Infineon hit by chip shortages
The German chipmaker Infineon Technologies has warned of ‘extreme tightness’ in its markets due to the COVID-19 pandemic continuing to disrupt production in Asia.
The company said that inventories had hit all-time lows and Chief Executive Reinhard Ploss warned that while demand for semiconductors was ‘unbroken’, the market was faced with, “an extremely tight supply situation.”
The company’s fiscal third quarter reflected that strain and quarterly revenue growth came in at just 1%, well below analyst expectations even as profit margins widened. The company reported revenues for the quarter of $3.2bn.
According to Ploss, “Our chips are being shipped from our fabs straight into end applications,” due to inventories being at historic lows.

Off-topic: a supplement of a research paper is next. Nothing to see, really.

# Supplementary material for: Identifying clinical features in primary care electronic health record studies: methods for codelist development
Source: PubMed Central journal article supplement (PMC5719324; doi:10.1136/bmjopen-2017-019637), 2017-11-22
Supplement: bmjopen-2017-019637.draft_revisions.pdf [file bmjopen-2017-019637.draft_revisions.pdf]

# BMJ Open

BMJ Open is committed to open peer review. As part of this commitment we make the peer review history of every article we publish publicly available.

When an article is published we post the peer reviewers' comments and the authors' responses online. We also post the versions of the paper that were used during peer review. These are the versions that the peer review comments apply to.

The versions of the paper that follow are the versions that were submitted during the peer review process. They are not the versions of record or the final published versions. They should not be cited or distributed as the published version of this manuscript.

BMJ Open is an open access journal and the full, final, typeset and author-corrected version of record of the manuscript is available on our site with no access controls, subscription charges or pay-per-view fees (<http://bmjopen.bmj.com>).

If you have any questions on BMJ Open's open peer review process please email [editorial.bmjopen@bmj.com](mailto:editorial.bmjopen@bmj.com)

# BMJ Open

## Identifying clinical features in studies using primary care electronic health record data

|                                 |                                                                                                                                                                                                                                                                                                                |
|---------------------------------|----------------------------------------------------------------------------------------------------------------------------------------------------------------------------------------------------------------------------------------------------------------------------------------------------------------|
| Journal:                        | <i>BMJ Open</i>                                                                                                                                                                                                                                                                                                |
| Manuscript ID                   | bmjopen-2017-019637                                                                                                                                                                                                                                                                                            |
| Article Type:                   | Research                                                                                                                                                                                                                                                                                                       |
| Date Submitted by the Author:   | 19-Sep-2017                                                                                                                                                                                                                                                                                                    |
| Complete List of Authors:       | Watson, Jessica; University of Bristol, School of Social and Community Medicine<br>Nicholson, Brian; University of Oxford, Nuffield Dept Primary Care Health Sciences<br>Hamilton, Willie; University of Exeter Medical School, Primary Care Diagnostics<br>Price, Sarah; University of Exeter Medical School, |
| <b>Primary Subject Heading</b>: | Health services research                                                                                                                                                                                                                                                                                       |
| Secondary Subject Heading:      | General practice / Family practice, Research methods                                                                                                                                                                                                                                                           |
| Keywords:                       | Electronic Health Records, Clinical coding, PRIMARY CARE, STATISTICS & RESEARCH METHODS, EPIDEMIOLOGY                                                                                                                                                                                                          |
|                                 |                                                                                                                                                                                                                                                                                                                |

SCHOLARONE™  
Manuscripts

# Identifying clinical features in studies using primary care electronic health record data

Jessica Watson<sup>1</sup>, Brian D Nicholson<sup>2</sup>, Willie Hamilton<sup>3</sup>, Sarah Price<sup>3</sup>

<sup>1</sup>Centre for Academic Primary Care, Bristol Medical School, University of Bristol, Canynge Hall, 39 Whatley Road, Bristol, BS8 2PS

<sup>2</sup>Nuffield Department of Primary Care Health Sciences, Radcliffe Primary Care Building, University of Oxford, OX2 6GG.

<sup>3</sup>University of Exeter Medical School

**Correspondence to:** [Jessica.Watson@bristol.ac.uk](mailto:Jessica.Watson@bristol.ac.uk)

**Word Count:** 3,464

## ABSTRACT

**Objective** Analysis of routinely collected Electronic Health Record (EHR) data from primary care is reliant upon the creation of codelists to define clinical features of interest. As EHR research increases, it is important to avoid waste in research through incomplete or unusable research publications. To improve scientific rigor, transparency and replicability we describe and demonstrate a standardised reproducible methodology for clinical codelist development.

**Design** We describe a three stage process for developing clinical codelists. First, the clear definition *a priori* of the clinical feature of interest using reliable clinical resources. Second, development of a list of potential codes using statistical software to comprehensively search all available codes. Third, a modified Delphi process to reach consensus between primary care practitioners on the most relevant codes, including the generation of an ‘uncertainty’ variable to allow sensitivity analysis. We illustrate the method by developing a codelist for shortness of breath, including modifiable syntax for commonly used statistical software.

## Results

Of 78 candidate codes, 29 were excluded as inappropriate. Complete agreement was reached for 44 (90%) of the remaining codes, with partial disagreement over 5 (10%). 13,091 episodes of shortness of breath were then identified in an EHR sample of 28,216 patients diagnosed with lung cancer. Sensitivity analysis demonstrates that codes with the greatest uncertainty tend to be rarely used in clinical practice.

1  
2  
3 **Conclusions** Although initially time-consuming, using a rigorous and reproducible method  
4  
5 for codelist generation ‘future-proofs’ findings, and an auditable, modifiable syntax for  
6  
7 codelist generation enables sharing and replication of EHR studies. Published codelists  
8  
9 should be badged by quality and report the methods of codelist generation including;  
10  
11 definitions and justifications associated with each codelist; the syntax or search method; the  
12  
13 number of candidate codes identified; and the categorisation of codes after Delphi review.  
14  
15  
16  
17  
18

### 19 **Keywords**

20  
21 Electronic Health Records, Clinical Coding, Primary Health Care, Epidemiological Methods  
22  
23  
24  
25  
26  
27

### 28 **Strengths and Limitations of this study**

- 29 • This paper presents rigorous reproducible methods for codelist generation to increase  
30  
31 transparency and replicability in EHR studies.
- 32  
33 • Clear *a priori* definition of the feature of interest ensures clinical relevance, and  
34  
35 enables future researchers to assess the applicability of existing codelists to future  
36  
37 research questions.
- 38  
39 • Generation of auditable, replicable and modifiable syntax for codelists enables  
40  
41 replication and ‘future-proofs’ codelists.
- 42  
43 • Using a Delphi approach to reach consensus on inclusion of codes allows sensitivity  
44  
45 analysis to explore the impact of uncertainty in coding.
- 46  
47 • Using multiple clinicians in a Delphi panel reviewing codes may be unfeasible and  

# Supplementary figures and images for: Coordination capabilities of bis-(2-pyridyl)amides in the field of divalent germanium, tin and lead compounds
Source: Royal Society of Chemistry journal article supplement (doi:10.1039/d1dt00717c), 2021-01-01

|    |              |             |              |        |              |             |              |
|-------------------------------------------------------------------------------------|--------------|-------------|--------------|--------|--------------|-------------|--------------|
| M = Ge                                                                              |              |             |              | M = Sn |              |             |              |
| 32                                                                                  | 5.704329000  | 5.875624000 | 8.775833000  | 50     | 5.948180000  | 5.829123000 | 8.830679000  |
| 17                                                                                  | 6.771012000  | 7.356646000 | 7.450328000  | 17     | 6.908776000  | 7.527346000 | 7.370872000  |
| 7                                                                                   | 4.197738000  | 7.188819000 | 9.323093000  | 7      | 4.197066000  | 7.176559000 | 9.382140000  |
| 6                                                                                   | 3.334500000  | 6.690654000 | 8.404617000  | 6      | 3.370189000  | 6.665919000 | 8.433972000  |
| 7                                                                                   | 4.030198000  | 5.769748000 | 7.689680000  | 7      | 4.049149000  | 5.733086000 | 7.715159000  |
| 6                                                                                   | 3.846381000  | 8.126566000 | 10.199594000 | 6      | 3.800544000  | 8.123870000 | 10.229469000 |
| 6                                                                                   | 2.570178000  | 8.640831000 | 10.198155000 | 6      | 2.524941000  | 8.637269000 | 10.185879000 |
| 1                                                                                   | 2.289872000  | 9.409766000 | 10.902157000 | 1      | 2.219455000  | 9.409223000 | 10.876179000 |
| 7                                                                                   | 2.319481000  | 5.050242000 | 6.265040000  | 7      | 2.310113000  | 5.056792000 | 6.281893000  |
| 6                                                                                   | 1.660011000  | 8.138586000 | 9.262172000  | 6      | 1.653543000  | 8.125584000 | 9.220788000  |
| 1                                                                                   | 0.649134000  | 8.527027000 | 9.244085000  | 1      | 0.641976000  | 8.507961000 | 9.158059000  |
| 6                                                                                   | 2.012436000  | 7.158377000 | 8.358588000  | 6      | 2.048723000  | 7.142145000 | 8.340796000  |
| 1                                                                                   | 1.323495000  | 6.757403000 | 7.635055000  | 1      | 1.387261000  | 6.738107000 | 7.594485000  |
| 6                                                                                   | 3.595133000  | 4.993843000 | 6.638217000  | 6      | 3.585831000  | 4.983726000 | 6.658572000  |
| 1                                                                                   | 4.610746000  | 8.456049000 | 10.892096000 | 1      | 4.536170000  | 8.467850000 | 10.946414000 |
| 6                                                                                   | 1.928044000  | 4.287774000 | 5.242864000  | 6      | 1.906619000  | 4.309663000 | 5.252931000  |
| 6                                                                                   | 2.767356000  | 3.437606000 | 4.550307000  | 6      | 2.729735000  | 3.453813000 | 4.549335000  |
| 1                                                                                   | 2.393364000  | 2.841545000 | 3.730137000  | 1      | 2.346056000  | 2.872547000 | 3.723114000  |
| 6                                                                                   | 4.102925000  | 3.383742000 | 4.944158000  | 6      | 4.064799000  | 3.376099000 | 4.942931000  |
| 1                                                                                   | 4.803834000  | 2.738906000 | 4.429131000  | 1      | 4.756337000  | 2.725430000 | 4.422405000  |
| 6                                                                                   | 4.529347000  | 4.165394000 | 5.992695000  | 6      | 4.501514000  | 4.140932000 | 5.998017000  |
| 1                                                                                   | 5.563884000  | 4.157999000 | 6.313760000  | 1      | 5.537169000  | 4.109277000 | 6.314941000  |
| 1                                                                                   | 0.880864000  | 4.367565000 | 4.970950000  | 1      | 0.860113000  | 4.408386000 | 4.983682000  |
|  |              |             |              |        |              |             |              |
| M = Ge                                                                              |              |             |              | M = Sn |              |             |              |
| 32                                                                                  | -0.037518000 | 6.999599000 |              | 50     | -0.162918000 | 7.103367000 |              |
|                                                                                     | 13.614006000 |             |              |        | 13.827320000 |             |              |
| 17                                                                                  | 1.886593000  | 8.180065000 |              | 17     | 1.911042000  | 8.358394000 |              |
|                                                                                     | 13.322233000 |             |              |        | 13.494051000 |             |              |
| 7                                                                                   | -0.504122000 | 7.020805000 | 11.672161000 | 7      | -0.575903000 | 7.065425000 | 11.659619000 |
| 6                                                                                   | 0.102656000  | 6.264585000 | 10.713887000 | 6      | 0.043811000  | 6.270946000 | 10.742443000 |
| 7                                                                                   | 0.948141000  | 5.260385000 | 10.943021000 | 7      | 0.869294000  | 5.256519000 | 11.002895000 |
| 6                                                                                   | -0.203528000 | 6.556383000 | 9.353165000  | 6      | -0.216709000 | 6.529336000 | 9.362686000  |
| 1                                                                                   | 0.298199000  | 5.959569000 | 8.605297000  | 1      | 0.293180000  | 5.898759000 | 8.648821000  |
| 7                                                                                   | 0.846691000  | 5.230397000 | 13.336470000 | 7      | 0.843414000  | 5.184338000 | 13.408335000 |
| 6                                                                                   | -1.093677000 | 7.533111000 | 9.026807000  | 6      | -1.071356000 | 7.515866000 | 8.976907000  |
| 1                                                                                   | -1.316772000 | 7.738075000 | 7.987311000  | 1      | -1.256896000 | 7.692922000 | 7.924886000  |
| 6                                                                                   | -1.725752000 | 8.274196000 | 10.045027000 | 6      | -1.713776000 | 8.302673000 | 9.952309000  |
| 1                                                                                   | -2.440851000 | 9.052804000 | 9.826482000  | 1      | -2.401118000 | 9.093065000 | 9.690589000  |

Infineon said that while it would be able to raise output of specialist power-management chips with the commissioning of its new plant in Villach, Austria, it was still heavily relient on Asian contract manufacturers that are running flat out.
Ploss added that that any government-imposed lockdowns – such as one in Malaysia where Infineon has a production site – were especially grave and that the company was still having to deal with the aftermath of a winter storm that crippled its chip fabrication plant in Austin, Texas.
The Ifo economic research group has said that the German car industry and its suppliers are now facing the worst chip supply shortage in 30 years, with a recent poll showing that 83% of companies were affected, up from 65% in April.